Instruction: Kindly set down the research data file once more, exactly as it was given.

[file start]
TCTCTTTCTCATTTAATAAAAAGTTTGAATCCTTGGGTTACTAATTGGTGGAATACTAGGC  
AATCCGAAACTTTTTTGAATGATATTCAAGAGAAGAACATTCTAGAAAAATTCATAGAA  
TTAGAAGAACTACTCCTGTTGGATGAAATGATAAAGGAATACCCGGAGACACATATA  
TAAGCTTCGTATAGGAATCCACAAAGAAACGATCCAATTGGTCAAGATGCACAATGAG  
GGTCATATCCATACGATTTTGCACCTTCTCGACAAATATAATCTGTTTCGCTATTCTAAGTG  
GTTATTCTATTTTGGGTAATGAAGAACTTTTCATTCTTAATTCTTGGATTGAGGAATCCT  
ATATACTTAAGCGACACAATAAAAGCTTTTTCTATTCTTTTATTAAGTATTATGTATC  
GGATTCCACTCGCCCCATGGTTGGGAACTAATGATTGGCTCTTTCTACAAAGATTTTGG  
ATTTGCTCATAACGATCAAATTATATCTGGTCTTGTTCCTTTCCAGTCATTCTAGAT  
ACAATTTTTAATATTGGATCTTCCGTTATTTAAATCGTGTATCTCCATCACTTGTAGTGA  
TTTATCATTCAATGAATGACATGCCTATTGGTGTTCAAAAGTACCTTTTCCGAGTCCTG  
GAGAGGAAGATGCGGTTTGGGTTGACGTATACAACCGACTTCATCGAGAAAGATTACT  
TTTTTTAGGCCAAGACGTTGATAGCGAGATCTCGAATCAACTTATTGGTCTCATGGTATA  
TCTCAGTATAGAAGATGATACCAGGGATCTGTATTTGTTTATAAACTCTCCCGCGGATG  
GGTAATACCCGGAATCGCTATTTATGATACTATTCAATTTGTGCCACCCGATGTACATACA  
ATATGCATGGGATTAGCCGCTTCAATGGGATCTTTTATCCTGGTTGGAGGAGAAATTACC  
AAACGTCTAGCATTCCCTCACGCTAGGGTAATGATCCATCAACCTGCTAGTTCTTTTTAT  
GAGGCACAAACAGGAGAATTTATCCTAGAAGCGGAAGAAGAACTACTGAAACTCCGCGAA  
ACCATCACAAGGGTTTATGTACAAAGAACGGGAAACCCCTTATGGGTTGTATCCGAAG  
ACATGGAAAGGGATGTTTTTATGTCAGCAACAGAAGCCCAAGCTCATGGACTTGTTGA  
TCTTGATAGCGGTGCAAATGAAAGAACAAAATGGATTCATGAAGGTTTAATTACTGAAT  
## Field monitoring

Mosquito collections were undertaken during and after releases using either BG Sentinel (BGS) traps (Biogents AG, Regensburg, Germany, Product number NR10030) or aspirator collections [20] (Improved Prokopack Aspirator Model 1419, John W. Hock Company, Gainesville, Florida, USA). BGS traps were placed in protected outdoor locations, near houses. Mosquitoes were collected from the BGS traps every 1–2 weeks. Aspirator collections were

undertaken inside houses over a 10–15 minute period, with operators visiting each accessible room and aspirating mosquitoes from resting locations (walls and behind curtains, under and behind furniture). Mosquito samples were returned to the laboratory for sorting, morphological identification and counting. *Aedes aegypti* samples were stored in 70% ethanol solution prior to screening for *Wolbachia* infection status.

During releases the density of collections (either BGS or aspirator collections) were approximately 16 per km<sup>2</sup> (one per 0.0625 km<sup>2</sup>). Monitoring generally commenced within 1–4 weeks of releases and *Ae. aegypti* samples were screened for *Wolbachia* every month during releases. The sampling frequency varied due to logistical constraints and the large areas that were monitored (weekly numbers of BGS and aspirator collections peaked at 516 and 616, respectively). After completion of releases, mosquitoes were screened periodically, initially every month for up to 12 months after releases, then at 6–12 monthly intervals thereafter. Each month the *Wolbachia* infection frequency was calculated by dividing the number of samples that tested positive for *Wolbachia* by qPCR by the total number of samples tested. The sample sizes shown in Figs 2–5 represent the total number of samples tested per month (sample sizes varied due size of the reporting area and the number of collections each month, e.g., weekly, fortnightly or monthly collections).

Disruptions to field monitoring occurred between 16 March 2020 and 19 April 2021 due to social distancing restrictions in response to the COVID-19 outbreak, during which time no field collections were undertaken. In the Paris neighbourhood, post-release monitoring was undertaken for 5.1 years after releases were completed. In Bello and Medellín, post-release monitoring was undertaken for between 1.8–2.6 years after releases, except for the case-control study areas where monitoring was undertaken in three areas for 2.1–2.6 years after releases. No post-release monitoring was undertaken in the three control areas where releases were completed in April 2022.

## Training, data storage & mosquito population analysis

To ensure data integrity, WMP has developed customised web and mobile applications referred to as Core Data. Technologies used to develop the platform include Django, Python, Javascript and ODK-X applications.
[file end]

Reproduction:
TCTCTTTCTCATTTAATAAAAAGTTTGAATCCTTGGGTTACTAATTGGTGGAATACTAGGC  
AATCCGAAACTTTTTTGAATGATATTCAAGAGAAGAACATTCTAGAAAAATTCATAGAA  
TTAGAAGAACTACTCCTGTTGGATGAAATGATAAAGGAATACCCGGAGACACATATA  
TAAGCTTCGTATAGGAATCCACAAAGAAACGATCCAATTGGTCAAGATGCACAATGAG  
GGTCATATCCATACGATTTTGCACCTTCTCGACAAATATAATCTGTTTCGCTATTCTAAGTG  
GTTATTCTATTTTGGGTAATGAAGAACTTTTCATTCTTAATTCTTGGATTGAGGAATCCT  
ATATACTTAAGCGACACAATAAAAGCTTTTTCTATTCTTTTATTAAGTATTATGTATC  
GGATTCCACTCGCCCCATGGTTGGGAACTAATGATTGGCTCTTTCTACAAAGATTTTGG  
ATTTGCTCATAACGATCAAATTATATCTGGTCTTGTTCCTTTCCAGTCATTCTAGAT  
ACAATTTTTAATATTGGATCTTCCGTTATTTAAATCGTGTATCTCCATCACTTGTAGTGA  
TTTATCATTCAATGAATGACATGCCTATTGGTGTTCAAAAGTACCTTTTCCGAGTCCTG  
GAGAGGAAGATGCGGTTTGGGTTGACGTATACAACCGACTTCATCGAGAAAGATTACT  
TTTTTTAGGCCAAGACGTTGATAGCGAGATCTCGAATCAACTTATTGGTCTCATGGTATA  
TCTCAGTATAGAAGATGATACCAGGGATCTGTATTTGTTTATAAACTCTCCCGCGGATG  
GGTAATACCCGGAATCGCTATTTATGATACTATTCAATTTGTGCCACCCGATGTACATACA  
ATATGCATGGGATTAGCCGCTTCAATGGGATCTTTTATCCTGGTTGGAGGAGAAATTACC  
AAACGTCTAGCATTCCCTCACGCTAGGGTAATGATCCATCAACCTGCTAGTTCTTTTTAT  
GAGGCACAAACAGGAGAATTTATCCTAGAAGCGGAAGAAGAACTACTGAAACTCCGCGAA  
ACCATCACAAGGGTTTATGTACAAAGAACGGGAAACCCCTTATGGGTTGTATCCGAAG  
ACATGGAAAGGGATGTTTTTATGTCAGCAACAGAAGCCCAAGCTCATGGACTTGTTGA  
TCTTGATAGCGGTGCAAATGAAAGAACAAAATGGATTCATGAAGGTTTAATTACTGAAT  
## Field monitoring

Mosquito collections were undertaken during and after releases using either BG Sentinel (BGS) traps (Biogents AG, Regensburg, Germany, Product number NR10030) or aspirator collections [20] (Improved Prokopack Aspirator Model 1419, John W. Hock Company, Gainesville, Florida, USA). BGS traps were placed in protected outdoor locations, near houses. Mosquitoes were collected from the BGS traps every 1–2 weeks. Aspirator collections were

undertaken inside houses over a 10–15 minute period, with operators visiting each accessible room and aspirating mosquitoes from resting locations (walls and behind curtains, under and behind furniture). Mosquito samples were returned to the laboratory for sorting, morphological identification and counting. *Aedes aegypti* samples were stored in 70% ethanol solution prior to screening for *Wolbachia* infection status.

During releases the density of collections (either BGS or aspirator collections) were approximately 16 per km<sup>2</sup> (one per 0.0625 km<sup>2</sup>). Monitoring generally commenced within 1–4 weeks of releases and *Ae. aegypti* samples were screened for *Wolbachia* every month during releases. The sampling frequency varied due to logistical constraints and the large areas that were monitored (weekly numbers of BGS and aspirator collections peaked at 516 and 616, respectively). After completion of releases, mosquitoes were screened periodically, initially every month for up to 12 months after releases, then at 6–12 monthly intervals thereafter. Each month the *Wolbachia* infection frequency was calculated by dividing the number of samples that tested positive for *Wolbachia* by qPCR by the total number of samples tested. The sample sizes shown in Figs 2–5 represent the total number of samples tested per month (sample sizes varied due size of the reporting area and the number of collections each month, e.g., weekly, fortnightly or monthly collections).

Disruptions to field monitoring occurred between 16 March 2020 and 19 April 2021 due to social distancing restrictions in response to the COVID-19 outbreak, during which time no field collections were undertaken. In the Paris neighbourhood, post-release monitoring was undertaken for 5.1 years after releases were completed. In Bello and Medellín, post-release monitoring was undertaken for between 1.8–2.6 years after releases, except for the case-control study areas where monitoring was undertaken in three areas for 2.1–2.6 years after releases. No post-release monitoring was undertaken in the three control areas where releases were completed in April 2022.

## Training, data storage & mosquito population analysis

To ensure data integrity, WMP has developed customised web and mobile applications referred to as Core Data. Technologies used to develop the platform include Django, Python, Javascript and ODK-X applications.